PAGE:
This one's for you folks who slave morning through night chasing stories that get spiked:
We've all heard this one before.
Because at the very moment, you just happened to be the only one who didn't look busy.
Because 5pm knock-off means 5pm knock-off. (YOU WILL NOT TAKE MY EVENING AWAY, PESKY JOURNALIST!) Meanwhile, story goes to shit because no response from government agency.
This does happen now and then, but it's no less depressing — especially when you were actually near the story but didn't realise it was happening.
Also, hear that? That's the sound of your promotion and year-end bonus flying away.
6:55pm — Counting down the minutes right after filing your latest story.
7:01pm — kicking yourself for not leaving the office immediately after you finished it.
Oh, the space in the paper has been filled? Editor's no longer interested in the story? WELL SCREW YOU I SPENT FIVE HOURS OVERTIME ON THIS, I'LL PUBLISH IT ON MY BLOG IF I HAVE TO.
Okay no, pretty please make room for my story please? I'll settle for page 32 if I have to. PLEASE.
This is the worst, especially for big events with international media flown in. You can forget about getting a vaguely decent picture, or even being able to hear anything the newsmaker says at all. Prepare bulletproof helmet and vest for shelling upon return to expectant editor.
The second worst thing to happen — and it always occurs at the best possible times: when you're with an important newsmaker one-on-one, in the middle of an exclusive interview, for instance.
Yeah, you can forget about coming back to speak to the guy after sprinting out to buy replacement batteries. Hope you can write fast, matey.
Riiiiight when you're moments from leaving the office, you receive this alert on your phone. To adopt gamer speak for a second: gg no re kthxbye.
Oh, you have a family dinner/birthday celebration/hot date? Not anymore.
In case you forgot, this really did happen — the night before that fateful day the 3-hour PSI reading hit 401.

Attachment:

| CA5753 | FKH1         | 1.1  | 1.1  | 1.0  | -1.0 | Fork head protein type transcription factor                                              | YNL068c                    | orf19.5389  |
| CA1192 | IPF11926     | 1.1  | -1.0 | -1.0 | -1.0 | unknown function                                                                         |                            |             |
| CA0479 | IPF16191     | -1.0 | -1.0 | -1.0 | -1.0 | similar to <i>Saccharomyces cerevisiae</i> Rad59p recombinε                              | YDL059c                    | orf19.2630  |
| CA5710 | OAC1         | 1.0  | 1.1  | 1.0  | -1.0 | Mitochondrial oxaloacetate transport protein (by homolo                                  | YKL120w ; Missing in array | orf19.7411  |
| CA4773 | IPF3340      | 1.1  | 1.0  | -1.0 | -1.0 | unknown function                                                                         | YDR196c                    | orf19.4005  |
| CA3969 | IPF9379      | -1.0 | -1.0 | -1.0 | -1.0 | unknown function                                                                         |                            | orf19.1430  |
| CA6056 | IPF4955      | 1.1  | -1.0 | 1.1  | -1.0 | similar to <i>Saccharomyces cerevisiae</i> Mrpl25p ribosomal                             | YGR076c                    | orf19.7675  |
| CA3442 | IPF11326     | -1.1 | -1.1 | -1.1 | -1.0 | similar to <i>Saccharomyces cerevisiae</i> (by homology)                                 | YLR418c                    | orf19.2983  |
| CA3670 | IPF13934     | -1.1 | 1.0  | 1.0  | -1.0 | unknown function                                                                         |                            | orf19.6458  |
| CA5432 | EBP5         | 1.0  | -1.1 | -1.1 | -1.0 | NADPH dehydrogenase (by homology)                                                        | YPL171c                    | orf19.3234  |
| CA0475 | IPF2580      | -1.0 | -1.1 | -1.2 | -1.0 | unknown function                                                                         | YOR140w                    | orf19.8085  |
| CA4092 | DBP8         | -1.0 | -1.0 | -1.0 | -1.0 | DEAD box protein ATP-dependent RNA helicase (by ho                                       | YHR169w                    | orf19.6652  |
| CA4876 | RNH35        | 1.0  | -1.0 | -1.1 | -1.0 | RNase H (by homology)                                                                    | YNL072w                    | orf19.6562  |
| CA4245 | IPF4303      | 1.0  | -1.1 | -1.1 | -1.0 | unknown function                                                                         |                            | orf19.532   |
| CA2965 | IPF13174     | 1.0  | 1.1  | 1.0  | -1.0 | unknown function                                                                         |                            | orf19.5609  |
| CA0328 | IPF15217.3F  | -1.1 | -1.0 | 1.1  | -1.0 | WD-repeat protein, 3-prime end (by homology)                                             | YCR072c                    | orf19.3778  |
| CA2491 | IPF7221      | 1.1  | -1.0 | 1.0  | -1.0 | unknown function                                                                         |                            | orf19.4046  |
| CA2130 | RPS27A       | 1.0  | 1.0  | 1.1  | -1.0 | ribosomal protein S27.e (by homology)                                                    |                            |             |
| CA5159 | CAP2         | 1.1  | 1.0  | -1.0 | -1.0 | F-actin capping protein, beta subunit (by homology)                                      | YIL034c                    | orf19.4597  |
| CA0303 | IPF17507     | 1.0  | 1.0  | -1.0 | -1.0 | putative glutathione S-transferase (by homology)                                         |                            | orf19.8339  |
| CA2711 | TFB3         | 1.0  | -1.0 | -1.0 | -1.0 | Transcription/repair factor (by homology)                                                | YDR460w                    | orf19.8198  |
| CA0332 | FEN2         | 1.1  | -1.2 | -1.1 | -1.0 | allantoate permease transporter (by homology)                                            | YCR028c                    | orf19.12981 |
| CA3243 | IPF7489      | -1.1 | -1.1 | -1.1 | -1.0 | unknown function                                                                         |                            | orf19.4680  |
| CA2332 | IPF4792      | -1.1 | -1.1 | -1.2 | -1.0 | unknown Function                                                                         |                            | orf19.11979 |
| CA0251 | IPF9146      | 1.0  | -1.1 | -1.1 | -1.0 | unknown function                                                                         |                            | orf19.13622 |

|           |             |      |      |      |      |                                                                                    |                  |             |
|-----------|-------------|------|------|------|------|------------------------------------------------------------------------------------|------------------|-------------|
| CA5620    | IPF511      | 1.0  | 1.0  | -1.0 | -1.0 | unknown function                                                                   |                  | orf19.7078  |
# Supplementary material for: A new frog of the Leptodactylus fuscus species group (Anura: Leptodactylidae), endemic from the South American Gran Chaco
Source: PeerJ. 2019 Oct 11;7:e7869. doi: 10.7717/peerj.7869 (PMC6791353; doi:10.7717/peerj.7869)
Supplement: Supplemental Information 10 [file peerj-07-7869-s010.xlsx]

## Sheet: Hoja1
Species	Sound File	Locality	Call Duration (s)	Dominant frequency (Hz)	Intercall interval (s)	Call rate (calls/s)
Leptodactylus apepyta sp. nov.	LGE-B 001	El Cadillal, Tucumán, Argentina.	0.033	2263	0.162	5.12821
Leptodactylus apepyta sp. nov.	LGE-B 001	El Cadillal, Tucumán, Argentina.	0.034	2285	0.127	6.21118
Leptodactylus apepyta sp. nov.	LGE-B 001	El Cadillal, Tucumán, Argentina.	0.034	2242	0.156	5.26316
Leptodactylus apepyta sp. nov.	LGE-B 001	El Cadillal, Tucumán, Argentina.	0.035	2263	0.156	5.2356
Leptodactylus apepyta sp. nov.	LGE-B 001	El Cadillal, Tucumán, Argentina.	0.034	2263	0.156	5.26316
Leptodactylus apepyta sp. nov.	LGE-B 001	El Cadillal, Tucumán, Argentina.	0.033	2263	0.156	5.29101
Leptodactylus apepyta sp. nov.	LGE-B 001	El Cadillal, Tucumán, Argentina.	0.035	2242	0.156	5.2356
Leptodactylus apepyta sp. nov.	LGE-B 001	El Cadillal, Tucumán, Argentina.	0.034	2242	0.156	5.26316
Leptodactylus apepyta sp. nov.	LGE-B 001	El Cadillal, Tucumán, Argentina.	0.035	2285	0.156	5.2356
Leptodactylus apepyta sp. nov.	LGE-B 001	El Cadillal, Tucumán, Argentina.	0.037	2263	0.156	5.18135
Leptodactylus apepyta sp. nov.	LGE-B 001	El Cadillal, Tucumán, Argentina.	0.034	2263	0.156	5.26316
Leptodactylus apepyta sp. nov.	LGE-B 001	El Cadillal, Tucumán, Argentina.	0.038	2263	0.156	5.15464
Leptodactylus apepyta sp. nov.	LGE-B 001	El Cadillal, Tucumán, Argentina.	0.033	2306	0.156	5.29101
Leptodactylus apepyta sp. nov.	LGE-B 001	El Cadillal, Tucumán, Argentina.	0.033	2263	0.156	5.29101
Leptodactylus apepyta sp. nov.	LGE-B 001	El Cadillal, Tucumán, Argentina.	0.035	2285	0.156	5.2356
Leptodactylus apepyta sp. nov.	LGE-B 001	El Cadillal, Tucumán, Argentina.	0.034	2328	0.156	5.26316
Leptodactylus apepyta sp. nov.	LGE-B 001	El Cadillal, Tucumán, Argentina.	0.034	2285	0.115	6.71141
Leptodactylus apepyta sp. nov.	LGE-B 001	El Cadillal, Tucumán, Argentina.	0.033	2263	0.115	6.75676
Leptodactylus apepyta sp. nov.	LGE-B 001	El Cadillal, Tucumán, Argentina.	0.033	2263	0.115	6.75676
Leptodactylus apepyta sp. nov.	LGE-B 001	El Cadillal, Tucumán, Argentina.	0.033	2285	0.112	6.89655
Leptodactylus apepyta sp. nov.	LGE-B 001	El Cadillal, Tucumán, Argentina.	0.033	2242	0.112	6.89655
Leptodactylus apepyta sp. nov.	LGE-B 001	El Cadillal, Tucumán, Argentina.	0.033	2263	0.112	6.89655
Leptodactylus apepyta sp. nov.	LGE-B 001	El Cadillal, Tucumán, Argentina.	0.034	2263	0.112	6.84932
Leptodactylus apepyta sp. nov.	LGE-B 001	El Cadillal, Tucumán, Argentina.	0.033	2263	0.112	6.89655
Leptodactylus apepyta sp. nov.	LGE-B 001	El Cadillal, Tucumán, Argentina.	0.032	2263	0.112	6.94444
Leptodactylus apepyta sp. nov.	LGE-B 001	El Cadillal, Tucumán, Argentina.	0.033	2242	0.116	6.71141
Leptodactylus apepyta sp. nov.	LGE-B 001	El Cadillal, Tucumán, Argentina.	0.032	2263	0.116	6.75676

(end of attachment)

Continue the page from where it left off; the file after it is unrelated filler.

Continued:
There is just no way to save your shots, and of course, no one (least of all your merciless editor) gives a damn that you, and your story, are screwed.
12. For photographers:
But obviously, by the time you review your shots on your camera, the subject has long since walked far, far away.
Another catastrophic situation, again which takes place at the best moments — always when you are writing furiously to keep up with a fast-talking newsmaker.
This, in all honesty, happens all too often for us reporters — especially when in court and we can't record audio. That's probably why most of us have learned (always over time, and always the hard way) to ensure we have at least four pens stashed into different pockets in our bags at any one time.
You're well-placed the sooner you realise this might happen to attempt one of the following:
a) Write extra small, while praying you'll be able to read it later
b) squeeze two lines into one, ditto above
c) yank out your phone and pray your thumbs move fast enough to write stuff down on the nearest Note app.
And finally, one of the worst things to happen to you while out on a field reporting assignment:
In this age, we send photos live from events via Twitter and post straight to our news agency's Facebook page. We text key updates via WhatsApp in real time to our editors, who are back at the newsroom assembling the breaking news story. Once this happens, all goes to shit, and your presence on the ground is good for diddly squat.
Read our other entertaining four-word sad story posts: